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Sharon Jones, who led a soul revival as Dap-Kings frontwoman, dies at 60

Sharon Jones, whose albums and electrifying live performances with her band the Dap-Kings helped lead a soul and funk revival, died Friday at the age of 60 after battling pancreatic cancer.

“We are deeply saddened to announce Sharon Jones passed away today after a heroic battle against pancreatic cancer. She was surrounded by her loved ones, including the Dap-Kings,” read a statement on the singer’s Facebook page.

Jones was diagnosed with cancer in 2013 but continued to perform live, even as she underwent chemotherapy this summer, according to The New York Times.

Sharon Jones was born in Augusta, Georgia, in 1956 and moved with her family to Brooklyn’s Bedford Stuyvesant neighborhood as a child. She began performing at a young age as a gospel singer and with funk bands in Brooklyn, and continued to work as a wedding singer during the 1970s. She also held jobs as a corrections officer at Rikers Island and a guard for Wells Fargo before gaining mainstream attention as an artist.

Jones told Rolling Stone in July that she had difficulty finding success in the music industry. “I wasn’t what they was looking for,” she said. “They just looked at me and they didn’t like what they saw: a short, black woman.”

Singers Ledisi (L) and Sharon Jones perform during the "VH1 Divas Celebrates Soul" at the Hammerstein Ballroom in New York December 18, 2011.     REUTERS/Carlo Allegri (UNITED STATES - Tags: ENTERTAINMENT) - RTR2VFNV

Singers Ledisi (L) and Sharon Jones perform during the “VH1 Divas Celebrates Soul” at the Hammerstein Ballroom in New York December 18, 2011. Photo by Carlo Allegri/Reuters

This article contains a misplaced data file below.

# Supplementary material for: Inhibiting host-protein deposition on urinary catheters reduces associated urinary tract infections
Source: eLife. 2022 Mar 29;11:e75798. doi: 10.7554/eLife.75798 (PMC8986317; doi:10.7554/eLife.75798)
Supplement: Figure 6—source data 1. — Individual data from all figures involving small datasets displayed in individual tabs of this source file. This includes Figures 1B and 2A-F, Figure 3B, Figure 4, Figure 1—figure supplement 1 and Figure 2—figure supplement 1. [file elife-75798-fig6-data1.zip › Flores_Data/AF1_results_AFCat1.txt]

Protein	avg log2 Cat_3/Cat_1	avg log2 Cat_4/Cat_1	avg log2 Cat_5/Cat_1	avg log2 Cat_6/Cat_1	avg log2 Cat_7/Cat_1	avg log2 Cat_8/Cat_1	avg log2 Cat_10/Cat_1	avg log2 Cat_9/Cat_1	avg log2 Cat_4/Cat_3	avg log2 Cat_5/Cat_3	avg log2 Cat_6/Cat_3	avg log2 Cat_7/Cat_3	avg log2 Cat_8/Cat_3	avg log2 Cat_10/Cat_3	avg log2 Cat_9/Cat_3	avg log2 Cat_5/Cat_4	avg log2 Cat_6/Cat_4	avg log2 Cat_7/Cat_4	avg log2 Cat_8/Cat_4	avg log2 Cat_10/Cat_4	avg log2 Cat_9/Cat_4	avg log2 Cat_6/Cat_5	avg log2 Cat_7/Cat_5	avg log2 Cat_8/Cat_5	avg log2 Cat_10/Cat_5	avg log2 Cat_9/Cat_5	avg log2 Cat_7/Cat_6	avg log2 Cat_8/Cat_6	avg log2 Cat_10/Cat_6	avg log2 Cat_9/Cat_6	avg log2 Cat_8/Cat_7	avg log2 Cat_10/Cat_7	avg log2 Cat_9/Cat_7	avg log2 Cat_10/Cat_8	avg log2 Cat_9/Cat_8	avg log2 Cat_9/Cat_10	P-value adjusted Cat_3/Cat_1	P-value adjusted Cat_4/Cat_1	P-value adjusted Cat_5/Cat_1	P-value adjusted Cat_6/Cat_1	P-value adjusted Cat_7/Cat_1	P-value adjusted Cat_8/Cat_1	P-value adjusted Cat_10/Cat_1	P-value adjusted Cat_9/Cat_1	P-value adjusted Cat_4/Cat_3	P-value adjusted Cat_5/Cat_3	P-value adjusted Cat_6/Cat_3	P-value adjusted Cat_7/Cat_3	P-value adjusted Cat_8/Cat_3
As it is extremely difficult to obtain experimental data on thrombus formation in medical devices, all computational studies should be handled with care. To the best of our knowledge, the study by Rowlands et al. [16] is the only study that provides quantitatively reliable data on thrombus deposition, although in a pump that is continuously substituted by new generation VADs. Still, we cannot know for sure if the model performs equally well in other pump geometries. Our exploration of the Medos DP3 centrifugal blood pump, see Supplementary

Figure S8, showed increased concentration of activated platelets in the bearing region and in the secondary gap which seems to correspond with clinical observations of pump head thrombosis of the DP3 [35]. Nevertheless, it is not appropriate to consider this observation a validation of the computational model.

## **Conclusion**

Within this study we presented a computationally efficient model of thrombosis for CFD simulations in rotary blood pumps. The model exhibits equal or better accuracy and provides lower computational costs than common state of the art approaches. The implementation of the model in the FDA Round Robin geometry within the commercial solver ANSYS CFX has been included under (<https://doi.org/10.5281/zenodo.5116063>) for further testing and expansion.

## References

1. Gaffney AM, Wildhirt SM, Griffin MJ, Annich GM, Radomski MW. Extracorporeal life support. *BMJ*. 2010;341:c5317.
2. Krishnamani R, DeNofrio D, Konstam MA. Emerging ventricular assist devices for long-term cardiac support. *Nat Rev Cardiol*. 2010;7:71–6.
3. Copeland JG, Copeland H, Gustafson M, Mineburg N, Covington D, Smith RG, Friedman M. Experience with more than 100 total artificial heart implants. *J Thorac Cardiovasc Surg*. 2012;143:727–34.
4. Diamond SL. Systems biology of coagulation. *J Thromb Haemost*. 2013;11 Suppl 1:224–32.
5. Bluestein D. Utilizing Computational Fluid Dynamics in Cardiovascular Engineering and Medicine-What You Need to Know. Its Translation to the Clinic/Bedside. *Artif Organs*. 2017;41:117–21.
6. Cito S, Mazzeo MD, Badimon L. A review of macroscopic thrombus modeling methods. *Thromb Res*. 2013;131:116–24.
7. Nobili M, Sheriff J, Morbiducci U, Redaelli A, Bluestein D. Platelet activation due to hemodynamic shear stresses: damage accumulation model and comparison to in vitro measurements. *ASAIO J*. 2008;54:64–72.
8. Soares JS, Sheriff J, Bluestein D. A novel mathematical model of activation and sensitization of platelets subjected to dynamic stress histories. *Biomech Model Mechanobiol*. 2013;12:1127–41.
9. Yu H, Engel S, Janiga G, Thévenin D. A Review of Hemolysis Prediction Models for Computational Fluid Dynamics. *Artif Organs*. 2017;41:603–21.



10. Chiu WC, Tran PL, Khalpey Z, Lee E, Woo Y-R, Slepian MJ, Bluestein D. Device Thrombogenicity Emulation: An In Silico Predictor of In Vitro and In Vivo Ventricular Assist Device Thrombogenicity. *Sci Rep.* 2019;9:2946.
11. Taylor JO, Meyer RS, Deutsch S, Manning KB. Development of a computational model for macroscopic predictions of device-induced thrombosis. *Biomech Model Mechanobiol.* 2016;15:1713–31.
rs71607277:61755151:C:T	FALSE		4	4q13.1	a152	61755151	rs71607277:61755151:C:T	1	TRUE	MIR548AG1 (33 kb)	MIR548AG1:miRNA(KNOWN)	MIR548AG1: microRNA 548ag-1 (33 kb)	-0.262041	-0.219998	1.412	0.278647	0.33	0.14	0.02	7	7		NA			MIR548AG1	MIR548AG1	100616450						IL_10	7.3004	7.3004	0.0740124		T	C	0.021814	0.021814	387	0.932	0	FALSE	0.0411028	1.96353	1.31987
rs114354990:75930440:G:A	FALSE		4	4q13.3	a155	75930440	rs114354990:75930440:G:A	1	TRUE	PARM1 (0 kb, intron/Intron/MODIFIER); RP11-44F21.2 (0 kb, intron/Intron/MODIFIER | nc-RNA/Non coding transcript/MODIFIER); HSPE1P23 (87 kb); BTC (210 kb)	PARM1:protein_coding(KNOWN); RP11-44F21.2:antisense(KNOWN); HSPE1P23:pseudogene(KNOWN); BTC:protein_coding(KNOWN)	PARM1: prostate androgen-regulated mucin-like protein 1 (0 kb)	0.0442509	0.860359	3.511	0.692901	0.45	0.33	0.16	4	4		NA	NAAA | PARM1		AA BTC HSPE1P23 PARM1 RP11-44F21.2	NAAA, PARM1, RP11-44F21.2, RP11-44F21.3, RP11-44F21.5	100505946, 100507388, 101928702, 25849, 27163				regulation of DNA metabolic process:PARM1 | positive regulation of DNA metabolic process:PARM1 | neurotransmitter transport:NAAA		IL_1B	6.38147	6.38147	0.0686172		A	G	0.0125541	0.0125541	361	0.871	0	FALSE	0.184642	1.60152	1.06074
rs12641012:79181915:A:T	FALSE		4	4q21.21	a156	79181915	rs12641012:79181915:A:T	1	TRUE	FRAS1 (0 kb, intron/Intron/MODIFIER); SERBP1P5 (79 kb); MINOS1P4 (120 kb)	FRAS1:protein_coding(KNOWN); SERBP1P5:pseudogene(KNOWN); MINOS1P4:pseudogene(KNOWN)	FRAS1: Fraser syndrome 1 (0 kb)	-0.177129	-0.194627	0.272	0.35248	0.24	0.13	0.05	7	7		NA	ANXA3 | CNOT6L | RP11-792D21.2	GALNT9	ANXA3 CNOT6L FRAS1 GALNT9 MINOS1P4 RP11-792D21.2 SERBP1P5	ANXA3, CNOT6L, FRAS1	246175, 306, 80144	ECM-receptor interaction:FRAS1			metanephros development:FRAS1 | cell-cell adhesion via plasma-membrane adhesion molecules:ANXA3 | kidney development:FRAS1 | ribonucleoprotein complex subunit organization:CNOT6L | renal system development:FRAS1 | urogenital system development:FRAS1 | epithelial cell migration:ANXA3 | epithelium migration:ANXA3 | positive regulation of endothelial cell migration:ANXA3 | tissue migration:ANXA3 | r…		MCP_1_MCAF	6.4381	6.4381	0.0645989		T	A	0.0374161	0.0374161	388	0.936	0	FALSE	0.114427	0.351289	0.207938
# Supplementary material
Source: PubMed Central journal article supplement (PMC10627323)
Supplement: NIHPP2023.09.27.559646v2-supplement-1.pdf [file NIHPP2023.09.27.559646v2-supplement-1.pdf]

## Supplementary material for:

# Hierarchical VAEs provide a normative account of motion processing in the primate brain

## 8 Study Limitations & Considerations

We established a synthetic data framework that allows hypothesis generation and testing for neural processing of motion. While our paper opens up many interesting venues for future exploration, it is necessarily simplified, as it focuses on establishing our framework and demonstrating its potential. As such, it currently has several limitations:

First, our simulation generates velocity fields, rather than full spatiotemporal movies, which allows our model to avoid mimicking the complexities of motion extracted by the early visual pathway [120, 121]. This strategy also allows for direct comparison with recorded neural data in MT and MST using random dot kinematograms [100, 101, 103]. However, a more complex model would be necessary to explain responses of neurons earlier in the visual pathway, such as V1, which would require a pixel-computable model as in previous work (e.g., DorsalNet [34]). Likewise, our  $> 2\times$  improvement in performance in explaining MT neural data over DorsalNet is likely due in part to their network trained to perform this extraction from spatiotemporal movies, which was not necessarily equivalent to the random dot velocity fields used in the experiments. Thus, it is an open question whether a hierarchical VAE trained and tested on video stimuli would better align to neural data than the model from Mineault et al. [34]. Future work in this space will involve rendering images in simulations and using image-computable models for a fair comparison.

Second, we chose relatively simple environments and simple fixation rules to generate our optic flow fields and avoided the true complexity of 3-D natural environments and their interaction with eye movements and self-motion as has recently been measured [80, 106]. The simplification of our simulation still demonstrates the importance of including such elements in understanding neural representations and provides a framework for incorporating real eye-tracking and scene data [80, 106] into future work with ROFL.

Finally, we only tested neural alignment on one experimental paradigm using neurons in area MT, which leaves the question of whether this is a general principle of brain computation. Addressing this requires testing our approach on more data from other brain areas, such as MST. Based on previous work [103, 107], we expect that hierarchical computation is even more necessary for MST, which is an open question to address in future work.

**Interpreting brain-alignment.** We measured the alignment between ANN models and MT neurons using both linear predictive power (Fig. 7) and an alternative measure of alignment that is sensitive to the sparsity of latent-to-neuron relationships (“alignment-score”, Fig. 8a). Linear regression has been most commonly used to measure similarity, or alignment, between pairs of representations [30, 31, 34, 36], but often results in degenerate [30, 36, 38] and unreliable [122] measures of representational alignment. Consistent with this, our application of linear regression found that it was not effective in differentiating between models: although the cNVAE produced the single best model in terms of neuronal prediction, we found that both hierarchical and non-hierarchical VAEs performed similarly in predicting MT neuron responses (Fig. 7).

In 1996, Jones met Gabriel Roth, Gabriel Roth, co-founder of Daptone Records, who hired her as a backup singer before featuring her as a frontwoman on “Damn It’s Hot.” Jones and the Dap-Kings joined forces to release the debut album “Dap Dippin’ With Sharon Jones and the Dap-Kings” in 2002, when she was 46. It was the first of six albums that they would record together.

The independent label was important to Jones, who helped build the Daptone Records studio in the early 2000s. “A major label’s going to do what?” she told Billboard. “I sing one or two songs, they give me a few million dollars, which they’re going to want back, and then the next thing you know, the next record don’t sell, and then they’re kicking me to the curb. With us, this is our label, this is our project.”

But it was her live shows that distinguished her as a uniquely vibrant performer, functioning “as equal parts Baptist church revival, Saturday night juke joint and raucous 1970s Las Vegas revue,” wrote Jason Newman of Rolling Stone.

Jones told the NewsHour’s Jeffrey Brown in 2010 that she deeply connected to the work of James Brown and the retro-soul sound that marked her work. “To me, soul music is not something you can pick up and play. You have to feel that,” she said.

In the same conversation, Roth said that Daptone Records “never came into it with an agenda that we were trying to revive something. It was very natural,” he said. “This is the music that makes sense to us.”

The documentary “Miss Sharon Jones!” followed the singer from her diagnosis in 2013 to her performances in 2015. That same year, she and the Dap-Kings were nominated for a Grammy for the album “Give the People What They Want.”

Celebrities and fans paid tribute to Jones online.

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